The rise of what Bustle writer Rebecca Fishbein refers to as “therapy speak,” or the misuse of pop psych vernacular to justify selfish or callous behavior, has been key to this. By focusing on drawing “boundaries” around “toxic” individuals who may be “gaslighting” them — all popular terms in the Gen Z self-care and wellness space — people end up using real pop psych concepts to legitimize retreating further and further into themselves.
Take, for instance, last year’s Coffee Discourse, when a woman’s innocent tweet expressing pleasure at her morning routine of drinking coffee in her garden with her husband sparked an onslaught of outraged replies accusing her of flaunting her racial and economic privilege; or Chili Lady Discourse, where a woman was accused of being ableist for bringing a pot of chili to her neighbors’ home, because she wanted to surprise them with a home-cooked meal. It’s easy to dismiss others’ outrage at a person’s experience not encompassing every aspect of your own as silly or marginal. But really, it’s reflective of our own need to assert that our own boundaries, our own comfort, our own welfare trumps all, even at the expense of those who may be more vulnerable and in need of advocacy.
This was readily apparent to me on Day Two of the Dog Lady discourse, when the conversation inevitably devolved further from the already-inane debate of dogs versus children, to the pointing out of various demographics and experiences that the original poster had failed to include in her tweet, prompting her to dig in even further. When some pointed out, for instance, that she hadn’t considered how a disabled child may have more difficulty approaching a dog in appropriate ways — a fair, if tangential, point — the poster responded by asserting that as a disabled person herself, her needs took priority over that of the hypothetical disabled child in question: “It is not my responsibility to keep YOUR child safe. To keep YOUR child from distracting MY service dog. Stop using special needs as a crappy excuse,” she wrote.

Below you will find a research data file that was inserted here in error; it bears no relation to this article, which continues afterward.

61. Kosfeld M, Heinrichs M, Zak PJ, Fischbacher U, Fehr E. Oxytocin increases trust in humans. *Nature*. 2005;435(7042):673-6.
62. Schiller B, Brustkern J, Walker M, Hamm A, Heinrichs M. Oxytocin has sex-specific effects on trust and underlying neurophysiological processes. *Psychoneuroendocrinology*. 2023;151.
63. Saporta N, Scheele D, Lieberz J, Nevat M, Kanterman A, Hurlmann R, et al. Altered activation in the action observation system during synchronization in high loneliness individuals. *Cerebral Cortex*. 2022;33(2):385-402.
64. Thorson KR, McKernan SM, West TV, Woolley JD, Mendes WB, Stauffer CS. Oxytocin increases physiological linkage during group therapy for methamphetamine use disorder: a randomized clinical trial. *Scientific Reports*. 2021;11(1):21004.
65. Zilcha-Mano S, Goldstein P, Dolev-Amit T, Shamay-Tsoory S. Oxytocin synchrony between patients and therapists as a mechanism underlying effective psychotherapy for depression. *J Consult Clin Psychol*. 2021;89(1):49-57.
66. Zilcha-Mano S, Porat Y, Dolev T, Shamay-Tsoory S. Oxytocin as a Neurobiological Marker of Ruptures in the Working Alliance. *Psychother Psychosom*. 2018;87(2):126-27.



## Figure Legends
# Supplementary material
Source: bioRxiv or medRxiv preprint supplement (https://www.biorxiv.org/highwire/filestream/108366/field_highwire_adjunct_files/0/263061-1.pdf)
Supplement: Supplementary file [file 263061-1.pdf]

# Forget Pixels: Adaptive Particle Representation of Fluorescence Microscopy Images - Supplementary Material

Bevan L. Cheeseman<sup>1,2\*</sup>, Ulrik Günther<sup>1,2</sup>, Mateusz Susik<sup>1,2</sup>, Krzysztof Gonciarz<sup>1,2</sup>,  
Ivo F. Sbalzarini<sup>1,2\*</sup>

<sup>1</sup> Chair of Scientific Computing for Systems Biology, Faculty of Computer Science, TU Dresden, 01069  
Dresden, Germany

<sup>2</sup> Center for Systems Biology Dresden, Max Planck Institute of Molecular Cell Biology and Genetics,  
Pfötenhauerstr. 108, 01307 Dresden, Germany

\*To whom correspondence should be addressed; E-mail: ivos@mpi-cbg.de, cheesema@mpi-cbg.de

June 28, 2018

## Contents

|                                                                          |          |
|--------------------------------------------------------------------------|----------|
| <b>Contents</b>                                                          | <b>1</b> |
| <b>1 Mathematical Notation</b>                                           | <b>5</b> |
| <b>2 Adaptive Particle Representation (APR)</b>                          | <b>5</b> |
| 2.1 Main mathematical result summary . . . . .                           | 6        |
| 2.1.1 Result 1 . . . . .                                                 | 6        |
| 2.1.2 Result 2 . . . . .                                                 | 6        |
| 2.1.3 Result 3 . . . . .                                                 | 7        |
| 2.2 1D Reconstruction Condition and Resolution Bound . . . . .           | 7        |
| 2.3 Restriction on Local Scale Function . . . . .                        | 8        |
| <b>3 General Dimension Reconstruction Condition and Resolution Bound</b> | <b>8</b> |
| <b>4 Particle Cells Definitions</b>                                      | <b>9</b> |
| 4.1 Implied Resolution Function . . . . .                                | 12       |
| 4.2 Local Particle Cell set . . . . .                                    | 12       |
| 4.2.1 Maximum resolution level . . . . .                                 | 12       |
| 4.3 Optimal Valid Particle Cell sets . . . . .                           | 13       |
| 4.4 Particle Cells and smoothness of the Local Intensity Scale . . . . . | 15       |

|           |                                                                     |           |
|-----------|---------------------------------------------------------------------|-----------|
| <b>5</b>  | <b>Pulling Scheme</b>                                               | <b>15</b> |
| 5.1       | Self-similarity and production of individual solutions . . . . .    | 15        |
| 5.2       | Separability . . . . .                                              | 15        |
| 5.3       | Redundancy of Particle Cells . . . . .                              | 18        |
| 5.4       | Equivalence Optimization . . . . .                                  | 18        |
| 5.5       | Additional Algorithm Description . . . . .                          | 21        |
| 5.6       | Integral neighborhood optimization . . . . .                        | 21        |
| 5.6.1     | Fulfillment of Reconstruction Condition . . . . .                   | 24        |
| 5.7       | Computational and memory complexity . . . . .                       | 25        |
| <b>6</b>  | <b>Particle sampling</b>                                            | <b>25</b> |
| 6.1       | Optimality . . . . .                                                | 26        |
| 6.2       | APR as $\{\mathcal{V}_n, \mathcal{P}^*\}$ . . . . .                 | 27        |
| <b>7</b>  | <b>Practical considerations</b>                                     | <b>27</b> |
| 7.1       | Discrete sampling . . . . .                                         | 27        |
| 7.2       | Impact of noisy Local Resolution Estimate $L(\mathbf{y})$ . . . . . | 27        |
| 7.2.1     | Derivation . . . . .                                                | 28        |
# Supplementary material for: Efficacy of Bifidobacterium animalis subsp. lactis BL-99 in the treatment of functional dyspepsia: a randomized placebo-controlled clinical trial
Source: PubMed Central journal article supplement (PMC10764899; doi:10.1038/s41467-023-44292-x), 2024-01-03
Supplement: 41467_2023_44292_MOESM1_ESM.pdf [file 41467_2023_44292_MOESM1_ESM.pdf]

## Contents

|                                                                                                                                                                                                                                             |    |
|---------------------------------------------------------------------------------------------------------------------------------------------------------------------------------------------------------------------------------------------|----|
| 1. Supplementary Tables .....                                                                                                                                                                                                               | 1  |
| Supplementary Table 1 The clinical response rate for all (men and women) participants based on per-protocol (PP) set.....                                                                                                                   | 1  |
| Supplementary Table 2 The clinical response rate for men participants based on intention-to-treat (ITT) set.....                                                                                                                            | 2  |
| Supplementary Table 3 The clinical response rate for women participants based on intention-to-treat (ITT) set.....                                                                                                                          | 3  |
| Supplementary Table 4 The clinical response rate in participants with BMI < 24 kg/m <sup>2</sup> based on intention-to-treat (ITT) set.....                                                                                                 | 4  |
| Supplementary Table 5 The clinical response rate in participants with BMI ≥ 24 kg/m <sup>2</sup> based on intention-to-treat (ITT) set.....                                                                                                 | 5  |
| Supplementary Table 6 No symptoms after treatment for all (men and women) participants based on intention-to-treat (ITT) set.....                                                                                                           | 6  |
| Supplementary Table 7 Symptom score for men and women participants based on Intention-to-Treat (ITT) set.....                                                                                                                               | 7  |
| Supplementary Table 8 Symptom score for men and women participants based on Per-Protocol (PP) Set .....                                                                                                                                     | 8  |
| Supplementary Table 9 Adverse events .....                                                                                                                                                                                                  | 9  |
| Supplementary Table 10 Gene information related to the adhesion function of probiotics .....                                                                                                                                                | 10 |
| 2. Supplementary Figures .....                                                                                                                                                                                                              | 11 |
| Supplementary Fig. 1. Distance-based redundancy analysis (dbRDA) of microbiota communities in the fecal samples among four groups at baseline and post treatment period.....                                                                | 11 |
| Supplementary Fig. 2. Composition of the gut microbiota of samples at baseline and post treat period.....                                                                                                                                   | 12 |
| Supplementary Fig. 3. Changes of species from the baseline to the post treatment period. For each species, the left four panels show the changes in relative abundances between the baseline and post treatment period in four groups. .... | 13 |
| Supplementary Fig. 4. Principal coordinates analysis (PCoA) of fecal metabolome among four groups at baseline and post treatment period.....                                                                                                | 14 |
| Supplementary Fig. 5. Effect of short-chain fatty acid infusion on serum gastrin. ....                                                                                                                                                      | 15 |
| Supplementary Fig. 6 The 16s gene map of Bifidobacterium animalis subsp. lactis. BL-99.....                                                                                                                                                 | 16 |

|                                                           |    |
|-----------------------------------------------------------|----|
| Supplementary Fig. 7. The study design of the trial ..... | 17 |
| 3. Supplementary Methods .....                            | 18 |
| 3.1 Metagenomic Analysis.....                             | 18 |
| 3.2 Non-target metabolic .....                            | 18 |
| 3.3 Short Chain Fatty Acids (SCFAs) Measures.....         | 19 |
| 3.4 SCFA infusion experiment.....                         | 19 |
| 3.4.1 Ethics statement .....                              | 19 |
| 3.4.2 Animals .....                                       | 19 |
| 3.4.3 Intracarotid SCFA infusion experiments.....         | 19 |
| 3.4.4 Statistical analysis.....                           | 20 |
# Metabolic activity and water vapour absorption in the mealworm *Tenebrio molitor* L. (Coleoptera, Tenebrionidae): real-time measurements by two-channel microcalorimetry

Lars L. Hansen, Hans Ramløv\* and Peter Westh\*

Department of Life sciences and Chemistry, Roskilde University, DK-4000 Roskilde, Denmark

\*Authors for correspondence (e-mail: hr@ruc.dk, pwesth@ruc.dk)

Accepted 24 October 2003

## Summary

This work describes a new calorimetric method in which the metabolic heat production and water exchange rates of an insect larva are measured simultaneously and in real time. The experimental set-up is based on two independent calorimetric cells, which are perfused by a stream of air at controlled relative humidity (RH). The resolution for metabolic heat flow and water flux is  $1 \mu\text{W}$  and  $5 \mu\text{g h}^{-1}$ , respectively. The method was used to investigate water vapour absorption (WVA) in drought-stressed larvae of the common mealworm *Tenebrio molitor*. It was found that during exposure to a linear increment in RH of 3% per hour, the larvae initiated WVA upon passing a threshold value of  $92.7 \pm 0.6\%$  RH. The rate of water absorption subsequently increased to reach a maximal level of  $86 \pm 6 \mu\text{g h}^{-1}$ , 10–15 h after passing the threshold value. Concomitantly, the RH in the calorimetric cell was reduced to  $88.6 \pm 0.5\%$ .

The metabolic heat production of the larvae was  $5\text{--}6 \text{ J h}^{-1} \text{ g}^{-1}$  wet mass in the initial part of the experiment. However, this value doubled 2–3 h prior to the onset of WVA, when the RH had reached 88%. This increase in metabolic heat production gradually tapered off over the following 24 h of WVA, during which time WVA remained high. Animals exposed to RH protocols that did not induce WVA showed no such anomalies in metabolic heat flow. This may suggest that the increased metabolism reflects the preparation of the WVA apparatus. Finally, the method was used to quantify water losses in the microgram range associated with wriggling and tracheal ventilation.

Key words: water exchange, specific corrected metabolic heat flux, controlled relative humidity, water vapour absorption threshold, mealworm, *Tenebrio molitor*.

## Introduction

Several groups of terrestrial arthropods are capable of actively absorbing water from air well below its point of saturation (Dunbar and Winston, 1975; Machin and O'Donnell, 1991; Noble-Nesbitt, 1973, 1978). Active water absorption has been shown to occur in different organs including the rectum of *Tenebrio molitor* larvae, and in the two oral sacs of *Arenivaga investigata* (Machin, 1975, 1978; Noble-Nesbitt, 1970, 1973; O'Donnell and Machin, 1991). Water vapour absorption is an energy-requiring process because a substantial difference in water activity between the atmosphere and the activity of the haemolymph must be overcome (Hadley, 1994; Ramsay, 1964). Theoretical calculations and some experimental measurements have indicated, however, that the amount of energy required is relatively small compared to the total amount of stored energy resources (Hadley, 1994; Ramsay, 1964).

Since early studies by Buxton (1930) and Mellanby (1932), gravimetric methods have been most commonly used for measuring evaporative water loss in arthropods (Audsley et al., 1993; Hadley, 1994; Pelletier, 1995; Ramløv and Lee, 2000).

I must admit that my initial reaction to this particular example of discourse bait was to fall for it, hook, line, and sinker. As the parent of a neurodivergent child, who has often been put in the position of having to apologize for or explain his behavior, I am intimately familiar with the lack of grace adults typically extend to kids like him. This response, from a person who ought to have known better, seemed to pretty perfectly crystallize the issues with therapy-speak, and what happens when your reserves for empathy are so tapped out on yourself that you no longer have any to spare for others.
But then I did something that I, and most adults on the internet, rarely do. I tried not to make it about me.
I tried to put aside my own circumstances, and my own perspective, to imagine what sorts of struggles this woman must have had in the past, and how irritating it must be for her to walk her service dog and have a snot-nosed, jam-fisted toddler come up to pet it without asking (and have her mother, the ostensibly responsible adult in the scenario, step in to defend her kid’s behavior). I thought about how her safety and comfort must have momentarily felt compromised, and how stressed she must have been trying to anticipate how her dog would behave around the child, and the various anxiety-inducing scenarios that likely flashed through her head. I considered that, by filtering her experience through my own perspective as a parent, who spends every waking moment considering my children’s comfort and safety, I had not considered that of another vulnerable member of my community. I tried to give her the grace that so many people were arguing she could have extended to the mother and child in her tweet. And weirdly, it made me feel free.